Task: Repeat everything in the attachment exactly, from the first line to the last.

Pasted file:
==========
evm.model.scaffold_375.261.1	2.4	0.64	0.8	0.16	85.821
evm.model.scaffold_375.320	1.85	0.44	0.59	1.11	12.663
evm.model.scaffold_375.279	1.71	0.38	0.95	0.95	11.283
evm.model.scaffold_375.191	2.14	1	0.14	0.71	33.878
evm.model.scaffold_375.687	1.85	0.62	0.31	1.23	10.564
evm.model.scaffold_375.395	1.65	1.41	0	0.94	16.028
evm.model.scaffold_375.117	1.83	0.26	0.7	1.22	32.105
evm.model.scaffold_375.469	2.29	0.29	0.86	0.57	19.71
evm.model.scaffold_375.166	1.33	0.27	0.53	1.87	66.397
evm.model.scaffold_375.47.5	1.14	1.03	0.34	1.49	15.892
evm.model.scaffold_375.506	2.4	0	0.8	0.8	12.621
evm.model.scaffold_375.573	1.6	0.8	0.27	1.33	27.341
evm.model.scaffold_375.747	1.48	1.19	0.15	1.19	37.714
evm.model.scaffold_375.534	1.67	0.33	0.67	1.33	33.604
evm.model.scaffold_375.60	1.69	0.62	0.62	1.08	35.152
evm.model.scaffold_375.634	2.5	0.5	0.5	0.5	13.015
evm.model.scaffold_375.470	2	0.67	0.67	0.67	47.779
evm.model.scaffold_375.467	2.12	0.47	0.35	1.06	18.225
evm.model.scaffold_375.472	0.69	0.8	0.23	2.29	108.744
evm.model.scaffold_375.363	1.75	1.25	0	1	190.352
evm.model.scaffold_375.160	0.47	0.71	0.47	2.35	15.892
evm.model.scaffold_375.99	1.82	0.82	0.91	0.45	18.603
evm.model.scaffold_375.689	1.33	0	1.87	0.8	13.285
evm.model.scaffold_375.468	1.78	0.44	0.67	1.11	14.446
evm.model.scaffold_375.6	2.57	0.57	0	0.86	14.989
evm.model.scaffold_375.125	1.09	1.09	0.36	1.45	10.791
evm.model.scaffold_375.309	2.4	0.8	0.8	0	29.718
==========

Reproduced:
evm.model.scaffold_375.261.1	2.4	0.64	0.8	0.16	85.821
evm.model.scaffold_375.320	1.85	0.44	0.59	1.11	12.663
evm.model.scaffold_375.279	1.71	0.38	0.95	0.95	11.283
evm.model.scaffold_375.191	2.14	1	0.14	0.71	33.878
evm.model.scaffold_375.687	1.85	0.62	0.31	1.23	10.564
evm.model.scaffold_375.395	1.65	1.41	0	0.94	16.028
evm.model.scaffold_375.117	1.83	0.26	0.7	1.22	32.105
evm.model.scaffold_375.469	2.29	0.29	0.86	0.57	19.71
evm.model.scaffold_375.166	1.33	0.27	0.53	1.87	66.397
evm.model.scaffold_375.47.5	1.14	1.03	0.34	1.49	15.892
evm.model.scaffold_375.506	2.4	0	0.8	0.8	12.621
evm.model.scaffold_375.573	1.6	0.8	0.27	1.33	27.341
evm.model.scaffold_375.747	1.48	1.19	0.15	1.19	37.714
evm.model.scaffold_375.534	1.67	0.33	0.67	1.33	33.604
evm.model.scaffold_375.60	1.69	0.62	0.62	1.08	35.152
evm.model.scaffold_375.634	2.5	0.5	0.5	0.5	13.015
evm.model.scaffold_375.470	2	0.67	0.67	0.67	47.779
evm.model.scaffold_375.467	2.12	0.47	0.35	1.06	18.225
evm.model.scaffold_375.472	0.69	0.8	0.23	2.29	108.744
evm.model.scaffold_375.363	1.75	1.25	0	1	190.352
evm.model.scaffold_375.160	0.47	0.71	0.47	2.35	15.892
evm.model.scaffold_375.99	1.82	0.82	0.91	0.45	18.603
evm.model.scaffold_375.689	1.33	0	1.87	0.8	13.285
evm.model.scaffold_375.468	1.78	0.44	0.67	1.11	14.446
evm.model.scaffold_375.6	2.57	0.57	0	0.86	14.989
evm.model.scaffold_375.125	1.09	1.09	0.36	1.45	10.791
evm.model.scaffold_375.309	2.4	0.8	0.8	0	29.718